Market the Platform 215

Manage the Platform 218

Measure the Platform’s Performance 220

Create and Choose Metrics 220

Collect Data to Populate Metrics 221

Wash, Rinse, Repeat 222

Summary 222

Chapter 9 Crowdsourcing Intelligence 225

Understanding the Scope of Crowdsourced Intelligence 225

Uniqueness of Crowdsourced Intelligence 226

Direct and Indirect Crowdsourced Intelligence 226

Appreciating the Limits of Crowdsourcing Intelligence 228

Uncooperative Target Audience 228

Higher Risk for Participants 229

Misinformation 229

Misinterpretation 230

Hawthorne Effect 231

Tweaking the Process for Intelligence Collection Platforms 231

Collect Intelligence from Hard-to-Reach Areas through SMS 233

Define Objective and Scope 233

Analyze the Target Audience and Media Environment 234

Design the Platform 236

Build the Platform 238

Market the Platform 241

Manage the Platform 241

Measure the Platform’s Performance 241

Wash, Rinse, Repeat 242

Collect Intelligence from the Community for Law Enforcement 242

Define Objective and Scope 243

Analyze the Target Audience and Media Environment 244

Design the Platform 245

Build the Platform 250

Market the Platform 251

Manage the Platform 251

Measure the Platform’s Performance 252

Wash, Rinse, Repeat 252

Collect Intelligence to Bolster Disaster Relief 253

Define Objective and Scope 254

Analyze the Target Audience and Media Environment 254

Design the Platform 255

Build the Platform 257

Market the Platform 260

Manage the Platform 261

Measure the Platform’s Performance 262

Wash, Rinse, Repeat 263

Summary 263

Chapter 10 Crowdsourcing Solutions 265

Understanding the Scope of Crowdsourced Solutions 265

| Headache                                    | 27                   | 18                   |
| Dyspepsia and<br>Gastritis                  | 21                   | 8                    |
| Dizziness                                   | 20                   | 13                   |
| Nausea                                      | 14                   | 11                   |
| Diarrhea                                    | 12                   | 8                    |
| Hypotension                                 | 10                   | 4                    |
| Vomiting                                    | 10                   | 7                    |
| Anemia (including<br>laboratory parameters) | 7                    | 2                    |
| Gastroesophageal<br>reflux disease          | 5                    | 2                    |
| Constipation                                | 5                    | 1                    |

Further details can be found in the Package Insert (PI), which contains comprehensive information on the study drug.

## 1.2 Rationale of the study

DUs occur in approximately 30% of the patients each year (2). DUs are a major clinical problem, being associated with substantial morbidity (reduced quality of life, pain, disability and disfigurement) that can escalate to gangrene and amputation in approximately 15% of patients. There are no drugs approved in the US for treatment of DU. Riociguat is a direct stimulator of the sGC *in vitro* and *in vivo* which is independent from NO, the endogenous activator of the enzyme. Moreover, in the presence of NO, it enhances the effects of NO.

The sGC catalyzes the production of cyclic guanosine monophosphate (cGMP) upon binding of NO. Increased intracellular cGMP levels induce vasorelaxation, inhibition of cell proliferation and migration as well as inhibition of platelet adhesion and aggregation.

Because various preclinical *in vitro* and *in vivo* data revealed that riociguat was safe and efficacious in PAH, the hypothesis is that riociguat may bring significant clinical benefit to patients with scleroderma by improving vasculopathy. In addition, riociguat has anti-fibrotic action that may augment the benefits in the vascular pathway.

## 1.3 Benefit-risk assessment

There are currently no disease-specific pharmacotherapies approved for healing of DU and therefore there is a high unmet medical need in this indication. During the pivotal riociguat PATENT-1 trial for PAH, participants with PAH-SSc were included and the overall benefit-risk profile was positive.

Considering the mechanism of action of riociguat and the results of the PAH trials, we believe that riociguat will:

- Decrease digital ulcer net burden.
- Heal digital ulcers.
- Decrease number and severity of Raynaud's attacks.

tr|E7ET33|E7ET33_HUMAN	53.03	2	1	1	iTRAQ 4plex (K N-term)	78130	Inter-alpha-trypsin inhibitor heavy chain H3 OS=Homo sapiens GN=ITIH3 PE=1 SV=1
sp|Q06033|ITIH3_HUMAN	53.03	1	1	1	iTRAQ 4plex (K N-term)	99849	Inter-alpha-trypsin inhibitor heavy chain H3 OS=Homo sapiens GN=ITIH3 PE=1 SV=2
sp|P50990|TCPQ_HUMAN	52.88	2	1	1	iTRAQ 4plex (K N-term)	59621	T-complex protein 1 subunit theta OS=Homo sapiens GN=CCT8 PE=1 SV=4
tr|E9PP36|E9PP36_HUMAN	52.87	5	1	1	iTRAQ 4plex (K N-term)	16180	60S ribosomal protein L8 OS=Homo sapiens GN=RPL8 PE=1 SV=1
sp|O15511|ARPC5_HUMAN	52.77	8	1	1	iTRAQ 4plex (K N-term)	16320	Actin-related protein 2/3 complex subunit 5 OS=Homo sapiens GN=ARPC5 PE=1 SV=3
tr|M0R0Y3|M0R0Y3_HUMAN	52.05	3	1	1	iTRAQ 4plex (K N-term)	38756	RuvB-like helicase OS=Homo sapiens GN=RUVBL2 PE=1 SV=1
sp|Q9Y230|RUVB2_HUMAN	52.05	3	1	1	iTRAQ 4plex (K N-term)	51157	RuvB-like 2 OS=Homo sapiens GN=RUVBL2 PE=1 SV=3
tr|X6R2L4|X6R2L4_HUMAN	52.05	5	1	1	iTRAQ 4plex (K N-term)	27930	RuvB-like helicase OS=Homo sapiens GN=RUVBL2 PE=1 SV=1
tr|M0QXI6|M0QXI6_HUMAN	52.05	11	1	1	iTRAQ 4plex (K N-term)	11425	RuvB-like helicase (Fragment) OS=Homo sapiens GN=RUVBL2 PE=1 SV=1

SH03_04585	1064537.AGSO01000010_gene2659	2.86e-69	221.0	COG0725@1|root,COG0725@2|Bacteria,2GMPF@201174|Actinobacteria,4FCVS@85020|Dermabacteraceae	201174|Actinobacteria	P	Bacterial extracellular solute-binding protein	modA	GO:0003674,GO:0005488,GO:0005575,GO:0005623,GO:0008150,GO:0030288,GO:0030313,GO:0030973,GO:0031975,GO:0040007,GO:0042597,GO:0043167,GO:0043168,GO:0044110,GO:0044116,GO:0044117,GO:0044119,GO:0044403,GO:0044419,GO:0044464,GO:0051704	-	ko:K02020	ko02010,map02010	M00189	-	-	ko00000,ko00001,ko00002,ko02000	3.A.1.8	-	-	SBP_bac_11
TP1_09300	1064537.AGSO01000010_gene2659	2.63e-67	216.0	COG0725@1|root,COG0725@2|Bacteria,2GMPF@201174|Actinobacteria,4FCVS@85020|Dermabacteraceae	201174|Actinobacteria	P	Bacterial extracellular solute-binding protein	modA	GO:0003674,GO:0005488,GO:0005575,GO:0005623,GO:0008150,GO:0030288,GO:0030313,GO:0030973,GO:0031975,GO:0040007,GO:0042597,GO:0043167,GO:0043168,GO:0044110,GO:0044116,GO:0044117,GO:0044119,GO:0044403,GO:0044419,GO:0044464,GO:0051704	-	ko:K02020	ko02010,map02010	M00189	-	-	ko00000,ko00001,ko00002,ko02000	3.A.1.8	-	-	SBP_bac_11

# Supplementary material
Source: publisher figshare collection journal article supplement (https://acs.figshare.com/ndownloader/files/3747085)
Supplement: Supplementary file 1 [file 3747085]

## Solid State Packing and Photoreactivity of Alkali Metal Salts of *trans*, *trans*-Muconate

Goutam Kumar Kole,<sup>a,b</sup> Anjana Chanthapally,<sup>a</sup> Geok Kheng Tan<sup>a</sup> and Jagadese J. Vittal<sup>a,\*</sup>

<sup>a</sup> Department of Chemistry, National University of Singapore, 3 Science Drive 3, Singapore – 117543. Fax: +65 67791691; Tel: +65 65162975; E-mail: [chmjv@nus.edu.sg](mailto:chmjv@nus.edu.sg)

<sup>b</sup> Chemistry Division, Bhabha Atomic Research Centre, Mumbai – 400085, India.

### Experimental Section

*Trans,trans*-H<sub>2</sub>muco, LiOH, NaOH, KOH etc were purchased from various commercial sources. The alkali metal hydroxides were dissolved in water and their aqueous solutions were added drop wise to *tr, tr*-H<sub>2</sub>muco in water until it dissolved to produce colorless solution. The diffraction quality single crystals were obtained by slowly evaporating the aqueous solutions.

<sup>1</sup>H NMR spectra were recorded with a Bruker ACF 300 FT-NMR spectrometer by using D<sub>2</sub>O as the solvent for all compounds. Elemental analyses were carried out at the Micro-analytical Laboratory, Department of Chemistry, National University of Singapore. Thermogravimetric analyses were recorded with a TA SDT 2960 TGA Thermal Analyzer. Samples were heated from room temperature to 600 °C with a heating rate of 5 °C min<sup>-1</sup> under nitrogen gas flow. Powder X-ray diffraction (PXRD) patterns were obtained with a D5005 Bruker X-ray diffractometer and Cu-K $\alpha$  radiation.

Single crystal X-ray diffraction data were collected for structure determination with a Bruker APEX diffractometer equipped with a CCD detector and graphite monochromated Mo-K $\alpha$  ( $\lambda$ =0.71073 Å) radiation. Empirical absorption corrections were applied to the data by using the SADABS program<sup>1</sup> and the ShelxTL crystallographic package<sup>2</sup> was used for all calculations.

Formulating the Right Type of Problem 266

Formulating the Right Crowdsourcing Approach 269

Appreciating the Limits of Crowdsourcing Solutions 274

Unsolvable Problem 274

Incorrect Solutions 274

Adversarial Participants 274

Political Fallout 275

Tweaking the Process for Solution Platforms 275

Crowdsourcing Translations during Disaster Relief 276

Define Objective and Scope 277

Analyze Target Audience and Media Environment 278

Design the Platform 279

Build the Platform 281

Market the Platform 284

Manage the Platform 285

Measure the Platform’s Performance 286

Wash, Rinse, Repeat 286

Crowdsource Tools to Identify Antagonistic Actors in Video Feeds 287

Define Objective and Scope 288

Analyze Target Audience and Media Environment 289

Design the Platform 290

Build the Platform 294

Market the Platform 294

Manage the Platform 295

Measure the Platform’s Performance 296

Wash, Rinse, Repeat 296

Summary 297

Chapter 11 Influencing Crowds 301

Understanding the Scope of Influencing through Crowdsourcing 301

Delineating Influence Goals 302

Grasping How Influence Happens 304

Process of Influencing Others 305

Conceptual Overview of Influence Process 306

Real-World Implications of Influence Process 307

Appreciating the Limits of Influencing Crowds 309

Unrealistic Expectations 309

Adversarial Participants 309